The situation of the ancient and modern church seems strikingly similar: both are minorities in predominantly pagan cultures. The early church, of course, was eventually successful at converting its culture. So the natural question is, Are there any lessons we can learn to help us convert our culture?

We posed this and other questions to Robert Wilken, professor of history at the University of Virginia. He is the author of many books on the early church, including Remembering the Christian Past (1995), and he is an editorial adviser to First Things, a journal that examines religion and modern culture.

Are the worlds of ancient Rome and the modern West parallel?

In some ways, yes: this culture is no longer our culture. It still has many Christian elements in it: the calendar (with major holidays like Christmas and Easter—though even they have been denuded), church architecture, choral music (much of which is Christian), art, and the like. But with the passing of each generation, the sensibility of the culture is less Christian. The feeling of being a distinct minority was very much the experience of early Christians.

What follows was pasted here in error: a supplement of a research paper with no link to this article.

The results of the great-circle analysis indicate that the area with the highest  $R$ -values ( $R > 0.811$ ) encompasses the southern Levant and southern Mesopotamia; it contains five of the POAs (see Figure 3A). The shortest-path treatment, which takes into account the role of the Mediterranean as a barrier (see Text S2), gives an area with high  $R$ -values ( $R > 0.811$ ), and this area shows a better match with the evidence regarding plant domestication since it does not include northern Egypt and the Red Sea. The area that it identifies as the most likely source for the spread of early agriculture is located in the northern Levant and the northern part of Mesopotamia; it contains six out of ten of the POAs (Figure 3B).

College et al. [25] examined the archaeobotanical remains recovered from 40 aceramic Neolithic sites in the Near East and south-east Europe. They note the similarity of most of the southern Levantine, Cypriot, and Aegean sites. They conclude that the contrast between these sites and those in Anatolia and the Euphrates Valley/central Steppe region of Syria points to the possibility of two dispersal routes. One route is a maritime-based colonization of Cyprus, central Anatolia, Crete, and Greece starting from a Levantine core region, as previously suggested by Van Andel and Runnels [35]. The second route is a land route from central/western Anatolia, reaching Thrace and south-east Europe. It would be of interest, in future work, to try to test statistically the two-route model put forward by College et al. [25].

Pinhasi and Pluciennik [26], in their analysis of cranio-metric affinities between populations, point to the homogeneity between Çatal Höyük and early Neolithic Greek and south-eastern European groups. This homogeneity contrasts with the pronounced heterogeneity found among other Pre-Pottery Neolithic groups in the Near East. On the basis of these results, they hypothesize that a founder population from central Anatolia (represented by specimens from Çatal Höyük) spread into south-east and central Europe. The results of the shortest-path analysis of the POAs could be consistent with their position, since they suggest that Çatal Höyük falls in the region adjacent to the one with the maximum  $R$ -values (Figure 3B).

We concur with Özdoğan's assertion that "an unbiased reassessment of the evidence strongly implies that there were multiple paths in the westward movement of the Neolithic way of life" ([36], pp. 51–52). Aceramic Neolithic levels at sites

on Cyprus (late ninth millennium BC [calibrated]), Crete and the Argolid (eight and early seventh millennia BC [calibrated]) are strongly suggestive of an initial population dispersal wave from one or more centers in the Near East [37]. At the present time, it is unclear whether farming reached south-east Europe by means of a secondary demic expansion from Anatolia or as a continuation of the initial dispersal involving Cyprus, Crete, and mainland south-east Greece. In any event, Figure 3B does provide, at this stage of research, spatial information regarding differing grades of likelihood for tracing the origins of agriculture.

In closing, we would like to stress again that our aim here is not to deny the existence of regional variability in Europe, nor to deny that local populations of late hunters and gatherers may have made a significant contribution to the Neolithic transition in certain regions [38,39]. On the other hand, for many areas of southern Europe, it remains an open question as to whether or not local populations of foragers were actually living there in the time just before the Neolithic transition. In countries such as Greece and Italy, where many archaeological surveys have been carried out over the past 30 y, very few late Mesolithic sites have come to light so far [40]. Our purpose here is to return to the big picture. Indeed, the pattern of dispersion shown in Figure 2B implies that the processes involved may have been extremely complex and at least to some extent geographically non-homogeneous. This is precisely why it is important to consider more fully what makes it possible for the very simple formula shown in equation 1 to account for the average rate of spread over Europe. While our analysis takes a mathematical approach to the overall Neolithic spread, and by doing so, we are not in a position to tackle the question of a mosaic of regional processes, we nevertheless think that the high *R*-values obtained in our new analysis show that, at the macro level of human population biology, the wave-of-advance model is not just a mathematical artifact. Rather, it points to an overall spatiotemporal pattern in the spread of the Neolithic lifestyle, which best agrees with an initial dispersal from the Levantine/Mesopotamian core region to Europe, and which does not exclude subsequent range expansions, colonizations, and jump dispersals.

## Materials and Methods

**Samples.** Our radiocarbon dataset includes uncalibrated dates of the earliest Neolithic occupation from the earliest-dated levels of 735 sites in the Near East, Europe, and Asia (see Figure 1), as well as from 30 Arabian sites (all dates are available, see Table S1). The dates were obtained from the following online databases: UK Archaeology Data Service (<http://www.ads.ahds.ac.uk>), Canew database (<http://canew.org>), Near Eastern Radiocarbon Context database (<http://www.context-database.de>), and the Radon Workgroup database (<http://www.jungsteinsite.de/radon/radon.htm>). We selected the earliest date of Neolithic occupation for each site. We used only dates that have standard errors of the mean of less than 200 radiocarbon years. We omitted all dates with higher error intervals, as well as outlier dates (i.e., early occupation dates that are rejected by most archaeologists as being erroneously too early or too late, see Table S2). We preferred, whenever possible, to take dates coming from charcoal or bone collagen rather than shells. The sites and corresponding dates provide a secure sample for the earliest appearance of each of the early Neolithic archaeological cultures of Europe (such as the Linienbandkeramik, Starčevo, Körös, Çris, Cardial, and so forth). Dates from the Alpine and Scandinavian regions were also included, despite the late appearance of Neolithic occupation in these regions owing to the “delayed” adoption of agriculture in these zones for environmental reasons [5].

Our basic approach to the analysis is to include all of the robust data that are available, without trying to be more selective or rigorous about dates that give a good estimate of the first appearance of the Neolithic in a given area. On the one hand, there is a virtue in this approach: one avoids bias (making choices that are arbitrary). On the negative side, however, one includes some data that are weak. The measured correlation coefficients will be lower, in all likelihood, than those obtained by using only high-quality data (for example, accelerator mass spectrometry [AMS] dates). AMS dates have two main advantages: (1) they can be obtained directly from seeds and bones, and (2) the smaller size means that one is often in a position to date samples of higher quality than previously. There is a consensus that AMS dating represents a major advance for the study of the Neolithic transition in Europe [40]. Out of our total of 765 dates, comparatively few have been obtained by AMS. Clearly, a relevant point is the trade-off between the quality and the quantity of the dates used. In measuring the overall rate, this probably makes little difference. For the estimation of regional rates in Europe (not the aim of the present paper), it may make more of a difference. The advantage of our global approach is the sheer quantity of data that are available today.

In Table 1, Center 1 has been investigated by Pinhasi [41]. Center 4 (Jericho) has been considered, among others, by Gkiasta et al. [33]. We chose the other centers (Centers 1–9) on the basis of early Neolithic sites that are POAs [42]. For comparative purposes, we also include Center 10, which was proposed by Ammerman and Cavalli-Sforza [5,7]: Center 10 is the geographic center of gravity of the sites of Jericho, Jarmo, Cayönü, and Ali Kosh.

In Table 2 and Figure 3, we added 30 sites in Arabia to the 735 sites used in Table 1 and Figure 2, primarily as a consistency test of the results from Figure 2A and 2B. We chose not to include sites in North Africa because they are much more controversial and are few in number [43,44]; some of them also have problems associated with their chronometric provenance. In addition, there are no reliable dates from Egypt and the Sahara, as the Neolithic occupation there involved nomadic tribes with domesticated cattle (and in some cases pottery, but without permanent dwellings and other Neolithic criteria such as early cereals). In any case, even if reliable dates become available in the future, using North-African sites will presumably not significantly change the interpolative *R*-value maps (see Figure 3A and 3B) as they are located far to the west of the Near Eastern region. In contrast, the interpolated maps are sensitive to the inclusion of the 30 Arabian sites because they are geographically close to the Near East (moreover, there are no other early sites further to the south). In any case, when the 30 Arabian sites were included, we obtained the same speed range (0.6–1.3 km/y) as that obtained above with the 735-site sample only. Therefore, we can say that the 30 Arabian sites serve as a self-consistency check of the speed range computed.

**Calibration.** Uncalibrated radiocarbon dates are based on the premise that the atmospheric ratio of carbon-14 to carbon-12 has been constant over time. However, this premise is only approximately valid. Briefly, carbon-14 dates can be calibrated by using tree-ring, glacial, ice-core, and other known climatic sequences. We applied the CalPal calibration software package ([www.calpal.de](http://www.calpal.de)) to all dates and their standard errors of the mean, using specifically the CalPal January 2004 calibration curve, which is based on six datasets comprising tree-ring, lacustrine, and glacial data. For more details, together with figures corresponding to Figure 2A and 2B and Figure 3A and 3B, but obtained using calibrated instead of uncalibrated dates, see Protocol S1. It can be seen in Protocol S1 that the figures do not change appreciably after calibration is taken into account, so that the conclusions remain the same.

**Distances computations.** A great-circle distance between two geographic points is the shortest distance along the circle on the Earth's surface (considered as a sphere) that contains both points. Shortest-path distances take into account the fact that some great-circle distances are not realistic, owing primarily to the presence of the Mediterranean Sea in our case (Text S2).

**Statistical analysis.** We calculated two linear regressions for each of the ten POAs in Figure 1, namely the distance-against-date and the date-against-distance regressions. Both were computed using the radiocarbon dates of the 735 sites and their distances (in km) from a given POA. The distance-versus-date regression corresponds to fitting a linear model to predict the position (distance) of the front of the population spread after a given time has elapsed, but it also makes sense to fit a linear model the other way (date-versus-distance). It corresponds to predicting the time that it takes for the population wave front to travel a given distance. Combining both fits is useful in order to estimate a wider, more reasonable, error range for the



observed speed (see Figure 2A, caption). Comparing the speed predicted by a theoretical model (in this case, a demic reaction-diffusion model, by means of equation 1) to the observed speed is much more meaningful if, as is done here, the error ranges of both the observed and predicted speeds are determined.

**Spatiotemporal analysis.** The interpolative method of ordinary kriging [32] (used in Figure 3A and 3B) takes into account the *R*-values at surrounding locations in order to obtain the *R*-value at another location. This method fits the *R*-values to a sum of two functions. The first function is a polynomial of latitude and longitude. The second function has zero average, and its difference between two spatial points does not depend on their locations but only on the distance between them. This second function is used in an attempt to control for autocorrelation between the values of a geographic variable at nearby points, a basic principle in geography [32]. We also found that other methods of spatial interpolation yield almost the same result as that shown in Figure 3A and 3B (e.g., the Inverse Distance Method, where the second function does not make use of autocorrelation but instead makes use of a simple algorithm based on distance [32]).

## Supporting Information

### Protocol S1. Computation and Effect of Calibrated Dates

But our situations are different in one key respect: today we in the West live in a post-Christian world, in an aggressive secular culture. This culture has known Christianity, and it is bitter toward Christianity; the culture is in revolt against what existed before. Ancient paganism did not have that kind of bitterness. It was curious about Christianity, even incredulous.

But what about the persecutions?

By the time you get to Decius in the middle of the third century, some Romans believed Christianity was a formidable foe. But Porphyry, the most thoughtful critic of Christianity in that period, recognized that Jesus ...

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